Tuesday, May 27, 2008

The Family That Plays Together Stays Together

India is mostly an agrarian society where large households made up of 15 to 20 individuals is a normal occurence, also 3 to 4 generations live under the same roof sharing every resource and also contributing to the agricultural activity which is labour intensive. This pattern of shared living is also followed in cities.

If you have ever wondered how these large families amuse themselves, here is an answer. The regular game of 'Vimanam' is played akin to 'Panchi' by two individuals with 6 pawns each and 6 cowrie shells. Now how would you accommodate an entire household to be a part of the game which is played by only two persons? Simple, improvise the game so that the whole family is a part of fun.

At recently concluded 'Kreedaa Kaushalya' we had a game parlour where children and adults were allowed to play Indian board games; we also taught different games to every body who was interested.

On the third day of exhibition, in walked a group of 3 ladies and 5 kids. From the interaction amongst themselves it was evident that they were a part of a single family perhaps first and second cousins included. The person calling the shots was a lady bedecked in jasmines and jewels wearing an ornate saree; it seemed like the group had just returned from a wedding celebration.

The boisterous group learnt a few games and was interested in sharing with us one of their own. Quickly a game board was sketched on the back of a calendar print using a scale and pen by Mrs. Vijaya Kumari.

The game was almost like 'Vimanam' except the final stretch of tracks which was curved (this part is straight in Vimanam); this difference was just aesthetic and in no way affected the play. Hence the group picked our board of Vimanam which we had got designed colourfully in Kalamkari craft. 12 pawns each were placed in both homes; a pair of stick dice started to roll.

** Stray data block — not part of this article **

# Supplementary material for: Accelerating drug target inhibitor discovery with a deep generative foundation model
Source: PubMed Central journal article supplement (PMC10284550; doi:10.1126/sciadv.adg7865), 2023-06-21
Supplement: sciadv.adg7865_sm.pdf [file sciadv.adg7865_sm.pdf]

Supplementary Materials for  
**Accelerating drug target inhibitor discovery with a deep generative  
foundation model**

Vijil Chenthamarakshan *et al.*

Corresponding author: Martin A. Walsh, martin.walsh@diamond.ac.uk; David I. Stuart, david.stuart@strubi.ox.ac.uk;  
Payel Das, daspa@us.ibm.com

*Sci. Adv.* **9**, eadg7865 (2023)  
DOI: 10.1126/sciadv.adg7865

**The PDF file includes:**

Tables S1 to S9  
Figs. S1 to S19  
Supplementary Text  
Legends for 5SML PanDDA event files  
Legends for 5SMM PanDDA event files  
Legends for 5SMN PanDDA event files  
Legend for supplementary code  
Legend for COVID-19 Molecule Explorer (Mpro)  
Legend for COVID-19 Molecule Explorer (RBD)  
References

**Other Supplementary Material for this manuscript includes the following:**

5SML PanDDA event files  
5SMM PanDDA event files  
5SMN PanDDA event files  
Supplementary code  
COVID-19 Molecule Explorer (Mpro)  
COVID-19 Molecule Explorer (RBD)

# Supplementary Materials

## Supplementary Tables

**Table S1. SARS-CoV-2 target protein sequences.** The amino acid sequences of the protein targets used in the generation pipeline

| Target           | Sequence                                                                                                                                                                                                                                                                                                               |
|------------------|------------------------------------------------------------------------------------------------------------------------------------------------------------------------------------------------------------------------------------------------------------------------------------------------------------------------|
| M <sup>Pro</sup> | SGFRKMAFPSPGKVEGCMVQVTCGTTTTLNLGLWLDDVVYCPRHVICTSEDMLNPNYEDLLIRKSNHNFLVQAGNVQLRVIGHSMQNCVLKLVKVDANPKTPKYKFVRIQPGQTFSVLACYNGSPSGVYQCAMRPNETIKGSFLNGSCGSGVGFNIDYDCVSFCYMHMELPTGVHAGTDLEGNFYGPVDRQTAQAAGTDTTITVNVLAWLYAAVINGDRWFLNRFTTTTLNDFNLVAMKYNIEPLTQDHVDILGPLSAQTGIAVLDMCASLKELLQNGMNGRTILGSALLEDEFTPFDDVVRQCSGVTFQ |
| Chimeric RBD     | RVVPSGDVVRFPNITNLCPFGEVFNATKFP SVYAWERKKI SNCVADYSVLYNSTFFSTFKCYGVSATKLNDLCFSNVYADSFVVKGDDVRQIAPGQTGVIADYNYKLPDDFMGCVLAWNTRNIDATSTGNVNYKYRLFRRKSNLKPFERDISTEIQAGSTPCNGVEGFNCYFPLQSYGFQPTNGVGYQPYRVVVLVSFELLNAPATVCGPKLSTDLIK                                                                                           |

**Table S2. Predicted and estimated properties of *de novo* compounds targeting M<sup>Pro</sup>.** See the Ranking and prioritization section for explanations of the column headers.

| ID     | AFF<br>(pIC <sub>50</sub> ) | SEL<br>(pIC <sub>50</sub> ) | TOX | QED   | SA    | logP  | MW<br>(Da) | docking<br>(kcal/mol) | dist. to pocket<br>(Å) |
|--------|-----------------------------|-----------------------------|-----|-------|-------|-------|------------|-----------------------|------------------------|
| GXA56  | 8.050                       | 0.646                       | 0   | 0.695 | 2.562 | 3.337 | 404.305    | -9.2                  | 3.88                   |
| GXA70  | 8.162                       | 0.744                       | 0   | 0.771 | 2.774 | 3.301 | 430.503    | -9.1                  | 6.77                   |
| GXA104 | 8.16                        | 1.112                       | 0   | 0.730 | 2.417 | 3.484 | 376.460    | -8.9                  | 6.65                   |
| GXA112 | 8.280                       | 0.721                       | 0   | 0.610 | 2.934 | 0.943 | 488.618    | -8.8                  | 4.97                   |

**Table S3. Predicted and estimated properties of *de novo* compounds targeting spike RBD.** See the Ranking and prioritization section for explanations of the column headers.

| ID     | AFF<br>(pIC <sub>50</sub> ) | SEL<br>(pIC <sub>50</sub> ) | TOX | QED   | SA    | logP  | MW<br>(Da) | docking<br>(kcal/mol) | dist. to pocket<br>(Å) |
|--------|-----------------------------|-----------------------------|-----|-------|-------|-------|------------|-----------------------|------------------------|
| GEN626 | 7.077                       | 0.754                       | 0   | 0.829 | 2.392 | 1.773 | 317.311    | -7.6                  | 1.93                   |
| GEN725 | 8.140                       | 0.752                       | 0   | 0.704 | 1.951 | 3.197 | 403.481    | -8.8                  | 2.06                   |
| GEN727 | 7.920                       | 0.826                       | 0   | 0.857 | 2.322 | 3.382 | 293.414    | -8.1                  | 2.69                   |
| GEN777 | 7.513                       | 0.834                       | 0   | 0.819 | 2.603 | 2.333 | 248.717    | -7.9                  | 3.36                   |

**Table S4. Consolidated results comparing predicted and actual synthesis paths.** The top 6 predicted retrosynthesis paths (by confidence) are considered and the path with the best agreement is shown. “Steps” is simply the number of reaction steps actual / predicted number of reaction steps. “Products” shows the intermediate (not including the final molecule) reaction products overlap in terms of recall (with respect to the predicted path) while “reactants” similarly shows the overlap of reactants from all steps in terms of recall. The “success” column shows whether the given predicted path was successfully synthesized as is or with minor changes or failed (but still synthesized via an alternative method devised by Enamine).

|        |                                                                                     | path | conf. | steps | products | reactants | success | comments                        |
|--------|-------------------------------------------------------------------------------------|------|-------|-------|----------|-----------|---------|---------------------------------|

To get an idea of the game, I suggested Dr. Dilip to join the group, an elderly lady, who was teaching her grandson a game of mancala, volunteered to join the group to equalise the number of players on both sides. Soon enough a middle aged couple, relatives of Mrs. Vijaya Kumari, arrived and promptly joined the game.

The whole group was divided equally into 2 parties such that they sat encircling the board with alternate persons in the circle belonging to one party. Most aggressive within was the leader of that party, by default, who decided the moves of party's pawns. Though one moved the pawns, everybody got a chance to roll dice. The dice started moving from one person to next going round in the circle and so did the pawns which raced along the single track of the game board which met and bifurcated 3-4 times. Large number of pawns (12) on each side ensured that the game's duration stretched long.

The game took almost 2 hours to finish and later I learnt that it was called 'Aeroplane' which is nothing but the anglicised 'Vimanam'. It was at this juncture that Raghu suggested that we rechristen the game as 'Pushpaka Vimana' which is the mythological flying machine used by lord Rama to travel from Lanka to Ayodhya after vanquishing Ravana.

This mean-machine is reputed to have an ever expanding seating capacity such that for all persons included one extra seat remained vacant.

At our next exhibition of Kreedaa Kaushalya in the summer of 2009 we intend to introduce this game to visitors.

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